(Reuters) - As Cuba on Thursday named Miguel Diaz-Canel to succeed retiring Raul Castro as president, it also appointed new leadership of the 31-member Council of State, the island’s highest executive body.
The leadership team, consisting of a new first vice president and five vice presidents, is younger and more diverse in terms of gender and race than the previous one. All the appointees are long-term members of the ruling Communist Party, however, and some serve on its powerful Political Bureau.
Like Diaz-Canel, First Vice President Salvador Valdes Mesa, 72, has for decades held leadership positions in the party, government and mass social organizations. They are the most senior officials of the Council of State and the Council of Ministers.
For a profile of Diaz-Canel, click here:
The following are the vice presidents in Cuba’s new Council of State:
Valdes Mesa is the first Afro-Cuban to hold such a high government post and represents a generation between Castro, 86, and Diaz-Canel, 57. Valdes Mesa has more experience in government then the president and was head of the trade union federation, among other posts.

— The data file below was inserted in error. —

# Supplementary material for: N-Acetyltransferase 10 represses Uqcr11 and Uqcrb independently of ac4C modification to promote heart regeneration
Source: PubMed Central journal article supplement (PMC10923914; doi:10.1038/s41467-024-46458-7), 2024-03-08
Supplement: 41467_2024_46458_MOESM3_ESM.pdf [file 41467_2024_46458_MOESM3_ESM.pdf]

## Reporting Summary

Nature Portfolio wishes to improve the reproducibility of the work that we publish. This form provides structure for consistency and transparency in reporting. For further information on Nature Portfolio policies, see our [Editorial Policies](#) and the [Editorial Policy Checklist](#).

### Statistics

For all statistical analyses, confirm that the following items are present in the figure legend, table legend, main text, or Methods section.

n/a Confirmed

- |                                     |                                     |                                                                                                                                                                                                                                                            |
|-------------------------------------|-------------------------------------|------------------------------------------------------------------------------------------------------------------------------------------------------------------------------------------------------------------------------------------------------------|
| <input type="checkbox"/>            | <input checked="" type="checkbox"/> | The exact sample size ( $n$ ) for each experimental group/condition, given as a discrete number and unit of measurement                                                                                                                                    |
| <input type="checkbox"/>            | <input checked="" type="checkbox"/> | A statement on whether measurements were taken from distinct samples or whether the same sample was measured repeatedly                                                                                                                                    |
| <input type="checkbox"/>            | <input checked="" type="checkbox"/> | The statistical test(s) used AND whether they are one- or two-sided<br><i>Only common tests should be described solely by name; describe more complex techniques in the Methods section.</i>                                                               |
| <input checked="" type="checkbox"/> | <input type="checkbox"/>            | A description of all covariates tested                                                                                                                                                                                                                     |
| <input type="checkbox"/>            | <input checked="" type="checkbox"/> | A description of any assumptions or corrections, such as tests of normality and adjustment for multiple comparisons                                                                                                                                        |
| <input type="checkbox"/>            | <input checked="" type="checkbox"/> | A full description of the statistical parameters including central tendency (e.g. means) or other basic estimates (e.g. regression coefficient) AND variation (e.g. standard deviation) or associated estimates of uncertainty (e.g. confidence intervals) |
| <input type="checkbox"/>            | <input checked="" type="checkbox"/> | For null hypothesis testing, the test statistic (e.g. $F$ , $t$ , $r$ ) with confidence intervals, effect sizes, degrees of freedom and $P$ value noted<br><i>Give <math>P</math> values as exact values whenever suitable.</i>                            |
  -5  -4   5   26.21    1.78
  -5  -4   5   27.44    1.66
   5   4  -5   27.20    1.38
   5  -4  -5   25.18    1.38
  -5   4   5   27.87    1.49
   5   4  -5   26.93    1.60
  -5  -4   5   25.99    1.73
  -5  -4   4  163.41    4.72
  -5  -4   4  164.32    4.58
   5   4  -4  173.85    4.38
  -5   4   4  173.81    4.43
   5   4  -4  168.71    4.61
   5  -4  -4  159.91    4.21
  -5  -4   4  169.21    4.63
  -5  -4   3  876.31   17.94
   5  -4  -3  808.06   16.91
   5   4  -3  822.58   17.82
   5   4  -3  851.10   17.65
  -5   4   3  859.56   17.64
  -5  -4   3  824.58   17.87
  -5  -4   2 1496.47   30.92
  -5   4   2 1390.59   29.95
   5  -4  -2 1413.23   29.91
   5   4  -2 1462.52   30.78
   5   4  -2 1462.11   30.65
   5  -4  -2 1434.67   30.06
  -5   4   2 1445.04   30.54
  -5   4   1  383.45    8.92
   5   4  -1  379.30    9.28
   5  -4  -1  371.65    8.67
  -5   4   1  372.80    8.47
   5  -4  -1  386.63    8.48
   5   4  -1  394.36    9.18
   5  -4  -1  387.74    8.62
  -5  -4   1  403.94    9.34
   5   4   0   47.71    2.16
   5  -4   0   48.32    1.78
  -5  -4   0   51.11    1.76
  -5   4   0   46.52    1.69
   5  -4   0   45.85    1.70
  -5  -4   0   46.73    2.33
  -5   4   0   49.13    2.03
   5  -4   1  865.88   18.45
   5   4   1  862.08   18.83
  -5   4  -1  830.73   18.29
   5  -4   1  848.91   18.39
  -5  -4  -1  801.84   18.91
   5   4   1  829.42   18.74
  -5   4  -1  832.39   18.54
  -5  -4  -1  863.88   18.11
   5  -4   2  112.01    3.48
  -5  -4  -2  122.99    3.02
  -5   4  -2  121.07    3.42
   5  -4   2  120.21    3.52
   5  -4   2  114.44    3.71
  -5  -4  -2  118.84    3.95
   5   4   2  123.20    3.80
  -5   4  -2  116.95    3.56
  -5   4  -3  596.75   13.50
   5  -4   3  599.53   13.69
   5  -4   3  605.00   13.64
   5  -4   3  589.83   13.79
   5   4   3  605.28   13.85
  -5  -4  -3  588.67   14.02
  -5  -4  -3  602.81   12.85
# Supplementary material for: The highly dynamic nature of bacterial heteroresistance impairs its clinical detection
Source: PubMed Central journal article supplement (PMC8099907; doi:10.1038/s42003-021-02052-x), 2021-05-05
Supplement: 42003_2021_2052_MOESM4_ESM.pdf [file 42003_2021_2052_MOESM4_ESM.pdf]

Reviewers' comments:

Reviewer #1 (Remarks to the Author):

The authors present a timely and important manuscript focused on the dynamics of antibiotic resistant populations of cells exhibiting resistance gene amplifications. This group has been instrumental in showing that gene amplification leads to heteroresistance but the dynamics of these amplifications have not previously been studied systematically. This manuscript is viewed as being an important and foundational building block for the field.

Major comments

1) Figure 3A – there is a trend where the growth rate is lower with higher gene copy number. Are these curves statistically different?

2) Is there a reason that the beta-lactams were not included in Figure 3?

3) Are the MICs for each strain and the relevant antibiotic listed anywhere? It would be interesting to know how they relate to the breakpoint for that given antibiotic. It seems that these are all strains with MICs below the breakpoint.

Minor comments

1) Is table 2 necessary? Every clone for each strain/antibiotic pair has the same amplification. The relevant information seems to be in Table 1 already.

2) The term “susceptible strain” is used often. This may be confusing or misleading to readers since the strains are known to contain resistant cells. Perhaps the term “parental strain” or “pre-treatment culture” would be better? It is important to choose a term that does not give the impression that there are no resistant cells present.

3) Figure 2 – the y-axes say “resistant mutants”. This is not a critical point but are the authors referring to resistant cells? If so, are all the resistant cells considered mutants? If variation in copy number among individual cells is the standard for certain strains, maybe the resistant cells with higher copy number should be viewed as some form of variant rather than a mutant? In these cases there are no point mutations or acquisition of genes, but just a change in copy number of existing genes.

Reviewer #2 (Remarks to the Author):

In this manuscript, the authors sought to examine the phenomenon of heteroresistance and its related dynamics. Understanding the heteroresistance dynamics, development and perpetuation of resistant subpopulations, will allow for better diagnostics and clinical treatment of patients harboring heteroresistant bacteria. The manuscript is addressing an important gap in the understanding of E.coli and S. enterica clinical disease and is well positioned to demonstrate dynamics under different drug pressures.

Valdes, 85, is the only member of former President Fidel Castro’s guerrilla army that overthrew a U.S.-backed dictator in a 1959 revolution to make it to a top position in the government. He has held numerous positions throughout the years, including interior minister and deputy defence minister. He is a politburo member.
Bejerano, 71, has the air of a kindly Cuban grandmother. However, she has earned the nickname Iron Lady for ferreting out and preventing corruption as the comptroller general.
Morales, 50, is public health minister and a doctor. Morales has held leadership posts at the provincial level in both the party and government. He was recently named to the politburo.
Maria Chapman, 52, of Afro-Cuban descent, rose to prominence as head of Cuba’s leaky waterworks where she has worked to repair infrastructure and supervised the allocation of water during a recent prolonged drought.
Johnson, 48, of Afro-Cuban descent, rose to prominence in eastern Santiago de Cuba where she worked her way up from director of a joint venture cement plant to head of the provincial government.
Reporting by Nelson Acosta; Writing by Marc Frank; Editing by Sarah Marsh, Daniel Flynn and Cynthia Osterman